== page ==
The Found Footage Phenomenon
Directed by Phillip Escott, Sarah Appleton
The Found Footage Phenomenon tracks the untold story of the found footage film, from its origins before and within Cannibal Holocaust, The Blair Witch Project and The Last Broadcast, beyond its boom in the late noughties with Paranormal Activity, Cloverfield and REC. The documentary showcases how found footage horror became a global sensation with films such as Kōji Shiraishi’s NOROI: The Curse, Shirome and Occult, The Paz Brothers’ JeruZalem, André Øvredal’s Trollhunter and also the differences between how the British and American film industries took to the genre respectively. Found footage spans four decades already and films such as Host, Death of a Vlogger and Spree have proven that it’s not done with us yet. A SHUDDER ORIGINAL.
A documentary tracking the history of the untold story of the global sensation; found footage.
Cast: Ruggero Deodato, Eduardo Sanchez, Lance Weiler, Stefan Avalos, Oren Peli
Interesting and gave me a couple of films that I missed that I want to find and watch now. Enjoyed some of the interviews and there were some interesting points made. But I do feel that the last 30-40 mins was a bit rushed, jumped back and forth in timelines a bit, where before it seemed to be going chronologically, and didn't put as much emphasis and analysis on the films shown earlier in the run time. Still worth a watch, but nothing earth-shattering.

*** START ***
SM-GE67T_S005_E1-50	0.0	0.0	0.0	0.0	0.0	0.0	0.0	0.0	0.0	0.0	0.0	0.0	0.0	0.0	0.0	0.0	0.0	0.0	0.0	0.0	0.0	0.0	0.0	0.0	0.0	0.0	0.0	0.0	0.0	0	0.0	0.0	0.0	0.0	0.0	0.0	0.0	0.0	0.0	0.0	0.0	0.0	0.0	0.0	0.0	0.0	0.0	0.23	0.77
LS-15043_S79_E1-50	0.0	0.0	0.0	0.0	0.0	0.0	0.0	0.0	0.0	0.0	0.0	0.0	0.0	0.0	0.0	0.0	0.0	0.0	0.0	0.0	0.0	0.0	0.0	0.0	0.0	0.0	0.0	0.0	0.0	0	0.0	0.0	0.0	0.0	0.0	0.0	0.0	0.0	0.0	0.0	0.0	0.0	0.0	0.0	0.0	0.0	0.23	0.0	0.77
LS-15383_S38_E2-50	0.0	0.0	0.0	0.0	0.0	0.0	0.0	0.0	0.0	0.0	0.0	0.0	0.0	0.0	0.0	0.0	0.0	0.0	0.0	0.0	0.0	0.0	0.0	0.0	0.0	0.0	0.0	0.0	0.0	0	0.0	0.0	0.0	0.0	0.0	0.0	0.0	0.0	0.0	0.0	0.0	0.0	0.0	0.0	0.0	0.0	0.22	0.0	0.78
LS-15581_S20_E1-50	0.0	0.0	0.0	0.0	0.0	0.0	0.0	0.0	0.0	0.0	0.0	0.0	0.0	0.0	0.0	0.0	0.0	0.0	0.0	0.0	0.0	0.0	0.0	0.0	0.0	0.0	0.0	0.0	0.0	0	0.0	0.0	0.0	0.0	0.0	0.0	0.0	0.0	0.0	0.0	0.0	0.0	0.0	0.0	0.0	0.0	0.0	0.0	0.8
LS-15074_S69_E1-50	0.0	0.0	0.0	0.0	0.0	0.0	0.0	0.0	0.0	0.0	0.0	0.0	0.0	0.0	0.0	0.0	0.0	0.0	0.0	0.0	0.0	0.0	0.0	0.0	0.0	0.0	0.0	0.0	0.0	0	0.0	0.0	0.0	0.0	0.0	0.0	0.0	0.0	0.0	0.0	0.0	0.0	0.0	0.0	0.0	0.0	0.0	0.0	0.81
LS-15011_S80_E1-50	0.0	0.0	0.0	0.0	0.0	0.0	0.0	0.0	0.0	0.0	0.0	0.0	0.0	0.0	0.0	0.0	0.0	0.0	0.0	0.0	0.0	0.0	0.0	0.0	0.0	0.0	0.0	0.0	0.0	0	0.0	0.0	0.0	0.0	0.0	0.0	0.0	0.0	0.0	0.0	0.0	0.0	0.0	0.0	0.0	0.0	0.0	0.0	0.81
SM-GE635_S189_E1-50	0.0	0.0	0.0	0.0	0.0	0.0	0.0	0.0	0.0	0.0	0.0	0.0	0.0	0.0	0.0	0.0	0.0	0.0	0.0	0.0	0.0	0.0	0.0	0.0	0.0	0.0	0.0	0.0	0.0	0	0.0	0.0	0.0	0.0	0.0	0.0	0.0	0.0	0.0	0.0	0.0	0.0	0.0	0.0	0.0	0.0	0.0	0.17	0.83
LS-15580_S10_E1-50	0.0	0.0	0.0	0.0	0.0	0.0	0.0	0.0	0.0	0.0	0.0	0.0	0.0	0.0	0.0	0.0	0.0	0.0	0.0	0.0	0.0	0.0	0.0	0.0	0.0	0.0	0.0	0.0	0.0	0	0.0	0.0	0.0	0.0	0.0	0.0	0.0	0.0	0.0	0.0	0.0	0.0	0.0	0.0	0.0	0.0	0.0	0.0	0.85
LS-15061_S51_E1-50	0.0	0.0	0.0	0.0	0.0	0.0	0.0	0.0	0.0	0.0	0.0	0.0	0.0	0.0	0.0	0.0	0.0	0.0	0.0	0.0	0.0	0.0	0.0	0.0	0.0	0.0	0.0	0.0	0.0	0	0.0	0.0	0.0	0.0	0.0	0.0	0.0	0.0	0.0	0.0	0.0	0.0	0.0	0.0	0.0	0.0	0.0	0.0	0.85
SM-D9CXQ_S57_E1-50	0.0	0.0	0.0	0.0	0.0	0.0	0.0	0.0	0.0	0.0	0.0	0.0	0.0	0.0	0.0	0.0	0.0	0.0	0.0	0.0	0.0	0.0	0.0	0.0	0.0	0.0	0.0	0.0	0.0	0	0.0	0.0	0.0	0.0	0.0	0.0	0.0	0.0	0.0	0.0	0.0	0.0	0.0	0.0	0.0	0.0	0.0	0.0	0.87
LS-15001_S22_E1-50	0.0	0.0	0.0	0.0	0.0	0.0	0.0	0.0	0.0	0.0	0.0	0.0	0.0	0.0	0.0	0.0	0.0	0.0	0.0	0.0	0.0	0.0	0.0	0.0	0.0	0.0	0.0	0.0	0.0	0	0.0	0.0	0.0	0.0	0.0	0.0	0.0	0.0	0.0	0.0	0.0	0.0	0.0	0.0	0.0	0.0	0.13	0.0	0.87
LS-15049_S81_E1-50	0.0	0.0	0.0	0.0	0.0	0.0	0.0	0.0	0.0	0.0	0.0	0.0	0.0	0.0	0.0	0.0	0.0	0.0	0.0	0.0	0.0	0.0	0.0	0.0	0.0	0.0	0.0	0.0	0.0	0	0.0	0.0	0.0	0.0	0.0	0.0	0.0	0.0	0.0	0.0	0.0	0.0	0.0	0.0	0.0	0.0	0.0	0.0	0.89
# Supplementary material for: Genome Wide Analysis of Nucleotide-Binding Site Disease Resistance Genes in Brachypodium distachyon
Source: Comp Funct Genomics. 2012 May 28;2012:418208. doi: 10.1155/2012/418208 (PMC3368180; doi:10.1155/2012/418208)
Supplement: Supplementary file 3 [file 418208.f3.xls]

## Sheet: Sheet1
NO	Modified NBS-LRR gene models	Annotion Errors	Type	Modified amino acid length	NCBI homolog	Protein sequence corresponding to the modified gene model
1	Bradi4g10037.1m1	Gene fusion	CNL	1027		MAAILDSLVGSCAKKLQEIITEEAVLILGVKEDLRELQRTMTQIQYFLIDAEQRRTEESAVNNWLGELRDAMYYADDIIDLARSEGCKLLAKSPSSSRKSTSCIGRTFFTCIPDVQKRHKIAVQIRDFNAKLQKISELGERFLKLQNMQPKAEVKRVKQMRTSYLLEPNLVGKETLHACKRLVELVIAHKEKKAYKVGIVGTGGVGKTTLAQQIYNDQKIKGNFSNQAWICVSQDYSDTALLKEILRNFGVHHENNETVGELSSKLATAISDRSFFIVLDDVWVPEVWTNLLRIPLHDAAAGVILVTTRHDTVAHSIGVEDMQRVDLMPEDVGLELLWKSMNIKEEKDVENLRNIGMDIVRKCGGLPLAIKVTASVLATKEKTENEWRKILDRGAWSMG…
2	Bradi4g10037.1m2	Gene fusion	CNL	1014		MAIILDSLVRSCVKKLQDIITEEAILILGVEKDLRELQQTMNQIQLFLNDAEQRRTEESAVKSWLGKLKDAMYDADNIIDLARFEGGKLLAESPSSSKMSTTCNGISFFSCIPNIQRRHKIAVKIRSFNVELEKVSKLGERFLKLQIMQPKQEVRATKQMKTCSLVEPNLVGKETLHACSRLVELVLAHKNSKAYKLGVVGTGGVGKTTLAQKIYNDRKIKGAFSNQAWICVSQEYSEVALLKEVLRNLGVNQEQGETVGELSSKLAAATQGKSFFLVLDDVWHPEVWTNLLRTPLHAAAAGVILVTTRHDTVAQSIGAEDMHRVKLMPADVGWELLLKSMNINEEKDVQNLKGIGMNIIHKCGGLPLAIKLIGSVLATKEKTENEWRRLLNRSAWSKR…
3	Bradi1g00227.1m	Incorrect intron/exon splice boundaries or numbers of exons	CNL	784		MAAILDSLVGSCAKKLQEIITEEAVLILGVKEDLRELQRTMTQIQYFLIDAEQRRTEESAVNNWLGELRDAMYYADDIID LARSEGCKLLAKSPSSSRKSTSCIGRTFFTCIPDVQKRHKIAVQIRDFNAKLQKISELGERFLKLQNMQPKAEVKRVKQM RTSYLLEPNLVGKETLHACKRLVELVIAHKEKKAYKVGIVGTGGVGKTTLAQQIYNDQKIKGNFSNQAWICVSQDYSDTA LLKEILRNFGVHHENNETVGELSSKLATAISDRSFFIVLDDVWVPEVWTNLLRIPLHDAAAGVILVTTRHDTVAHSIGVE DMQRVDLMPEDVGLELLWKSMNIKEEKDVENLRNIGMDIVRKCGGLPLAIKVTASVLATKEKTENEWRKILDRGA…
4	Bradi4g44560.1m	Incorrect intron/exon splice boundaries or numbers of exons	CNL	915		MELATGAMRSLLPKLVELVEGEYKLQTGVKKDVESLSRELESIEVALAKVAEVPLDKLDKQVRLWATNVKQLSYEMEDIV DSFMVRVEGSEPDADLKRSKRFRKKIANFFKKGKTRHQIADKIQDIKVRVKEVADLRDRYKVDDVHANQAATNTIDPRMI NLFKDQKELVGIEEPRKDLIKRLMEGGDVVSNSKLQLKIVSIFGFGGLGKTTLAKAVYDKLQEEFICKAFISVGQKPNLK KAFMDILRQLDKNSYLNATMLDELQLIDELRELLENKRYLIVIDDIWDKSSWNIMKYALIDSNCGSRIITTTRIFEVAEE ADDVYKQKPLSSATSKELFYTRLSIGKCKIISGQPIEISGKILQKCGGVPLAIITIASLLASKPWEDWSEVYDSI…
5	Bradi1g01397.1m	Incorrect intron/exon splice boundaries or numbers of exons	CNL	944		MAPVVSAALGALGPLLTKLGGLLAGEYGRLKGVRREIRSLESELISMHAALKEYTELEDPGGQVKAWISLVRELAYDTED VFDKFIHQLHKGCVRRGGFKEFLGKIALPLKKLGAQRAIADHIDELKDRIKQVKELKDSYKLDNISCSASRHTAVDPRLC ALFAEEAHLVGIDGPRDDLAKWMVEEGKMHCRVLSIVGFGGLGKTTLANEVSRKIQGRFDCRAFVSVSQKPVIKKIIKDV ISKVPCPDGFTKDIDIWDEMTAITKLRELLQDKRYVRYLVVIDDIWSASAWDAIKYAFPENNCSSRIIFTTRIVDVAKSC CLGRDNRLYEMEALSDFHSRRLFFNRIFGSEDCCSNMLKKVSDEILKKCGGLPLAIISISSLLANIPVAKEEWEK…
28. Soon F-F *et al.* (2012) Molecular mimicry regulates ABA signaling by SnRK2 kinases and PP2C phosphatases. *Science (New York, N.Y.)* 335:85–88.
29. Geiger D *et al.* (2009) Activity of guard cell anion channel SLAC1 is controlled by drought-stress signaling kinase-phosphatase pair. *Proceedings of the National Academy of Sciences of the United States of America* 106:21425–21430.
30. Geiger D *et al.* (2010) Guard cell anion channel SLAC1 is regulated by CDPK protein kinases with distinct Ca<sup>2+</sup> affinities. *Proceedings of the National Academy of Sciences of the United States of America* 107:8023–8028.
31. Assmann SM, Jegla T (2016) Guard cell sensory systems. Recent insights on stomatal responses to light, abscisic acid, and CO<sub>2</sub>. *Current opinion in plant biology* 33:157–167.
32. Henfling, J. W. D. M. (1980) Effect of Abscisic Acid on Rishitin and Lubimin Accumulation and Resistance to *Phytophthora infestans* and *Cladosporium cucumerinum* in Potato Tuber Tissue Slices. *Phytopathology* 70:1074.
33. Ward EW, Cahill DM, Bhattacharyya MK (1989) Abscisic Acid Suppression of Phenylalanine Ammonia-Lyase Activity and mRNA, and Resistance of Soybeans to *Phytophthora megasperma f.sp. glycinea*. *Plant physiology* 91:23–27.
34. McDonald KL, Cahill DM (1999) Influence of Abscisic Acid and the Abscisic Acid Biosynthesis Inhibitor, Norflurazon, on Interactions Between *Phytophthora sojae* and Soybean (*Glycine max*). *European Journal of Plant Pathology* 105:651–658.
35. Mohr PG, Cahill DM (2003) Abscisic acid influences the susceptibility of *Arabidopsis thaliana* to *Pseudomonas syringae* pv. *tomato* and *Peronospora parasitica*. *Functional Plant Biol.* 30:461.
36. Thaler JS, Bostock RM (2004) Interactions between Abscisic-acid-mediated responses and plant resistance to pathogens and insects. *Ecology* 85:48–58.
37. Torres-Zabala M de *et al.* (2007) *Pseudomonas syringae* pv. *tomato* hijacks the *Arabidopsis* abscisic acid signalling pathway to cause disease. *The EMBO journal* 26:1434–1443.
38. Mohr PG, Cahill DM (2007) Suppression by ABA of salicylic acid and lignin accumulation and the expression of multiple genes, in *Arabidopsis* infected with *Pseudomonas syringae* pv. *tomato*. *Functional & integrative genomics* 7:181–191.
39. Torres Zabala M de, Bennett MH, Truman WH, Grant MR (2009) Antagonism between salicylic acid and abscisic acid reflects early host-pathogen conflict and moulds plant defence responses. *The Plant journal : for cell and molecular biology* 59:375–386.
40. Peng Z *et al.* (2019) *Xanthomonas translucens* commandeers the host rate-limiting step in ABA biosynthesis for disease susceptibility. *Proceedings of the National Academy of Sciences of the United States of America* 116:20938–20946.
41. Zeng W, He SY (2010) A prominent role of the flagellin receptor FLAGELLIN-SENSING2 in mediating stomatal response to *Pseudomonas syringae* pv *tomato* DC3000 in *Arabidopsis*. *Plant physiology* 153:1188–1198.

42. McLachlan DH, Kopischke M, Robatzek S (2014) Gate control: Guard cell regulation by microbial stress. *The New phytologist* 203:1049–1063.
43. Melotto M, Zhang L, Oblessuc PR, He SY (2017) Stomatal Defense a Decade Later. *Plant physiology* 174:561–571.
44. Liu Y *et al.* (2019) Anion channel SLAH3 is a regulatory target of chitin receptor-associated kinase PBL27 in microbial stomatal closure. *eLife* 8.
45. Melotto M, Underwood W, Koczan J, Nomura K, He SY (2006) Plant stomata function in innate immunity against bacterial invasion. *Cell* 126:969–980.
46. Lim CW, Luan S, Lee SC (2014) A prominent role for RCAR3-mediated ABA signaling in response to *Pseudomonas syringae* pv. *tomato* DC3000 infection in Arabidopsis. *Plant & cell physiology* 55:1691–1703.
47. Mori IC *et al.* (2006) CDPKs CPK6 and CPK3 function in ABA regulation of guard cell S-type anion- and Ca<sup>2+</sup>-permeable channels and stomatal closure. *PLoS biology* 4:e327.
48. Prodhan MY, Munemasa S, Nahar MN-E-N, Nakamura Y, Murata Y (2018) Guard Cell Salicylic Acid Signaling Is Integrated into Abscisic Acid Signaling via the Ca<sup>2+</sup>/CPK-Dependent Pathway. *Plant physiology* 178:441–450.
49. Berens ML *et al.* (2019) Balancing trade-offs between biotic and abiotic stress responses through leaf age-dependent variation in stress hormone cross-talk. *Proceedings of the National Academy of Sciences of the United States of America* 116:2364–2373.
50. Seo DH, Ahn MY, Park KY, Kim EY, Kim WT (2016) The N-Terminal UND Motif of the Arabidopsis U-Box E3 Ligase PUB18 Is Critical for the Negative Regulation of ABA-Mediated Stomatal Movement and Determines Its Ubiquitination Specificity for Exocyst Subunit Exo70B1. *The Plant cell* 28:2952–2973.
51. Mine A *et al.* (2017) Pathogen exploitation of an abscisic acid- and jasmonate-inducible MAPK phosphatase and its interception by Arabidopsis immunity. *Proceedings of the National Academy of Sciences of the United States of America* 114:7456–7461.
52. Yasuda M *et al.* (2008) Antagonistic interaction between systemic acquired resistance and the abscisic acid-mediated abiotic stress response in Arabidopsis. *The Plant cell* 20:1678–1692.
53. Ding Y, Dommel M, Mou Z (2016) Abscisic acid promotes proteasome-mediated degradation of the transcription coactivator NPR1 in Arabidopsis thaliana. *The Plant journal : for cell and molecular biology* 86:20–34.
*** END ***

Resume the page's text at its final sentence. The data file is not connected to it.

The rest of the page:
Fantastic. This documentary is a must watch. It's great to hear other people's insights/love into found footage movies and to hear writers/directors/actors/special effects/and other crew members' discussions about the movies they were in and what they thought of them. I also enjoyed finding out about movies I never heard of before or even hearing people talk about how they love some movies I don't which makes me at least appreciate them more.
I meant to put in The Medium instead of The Wailing. Really wish Shudder could let you delete reviews.
Maybe I’ve been spoiled by the In Search Of Darkness films, but it kind of disappoints me that this wasn’t as comprehensive as it could’ve been. Give more attention to films like the V/H/S series and The Wailing. Still, I understand their decision to focus on the more important films in the subgenre. It even gives some interesting insight on pre-film examples of found footage at the beginning.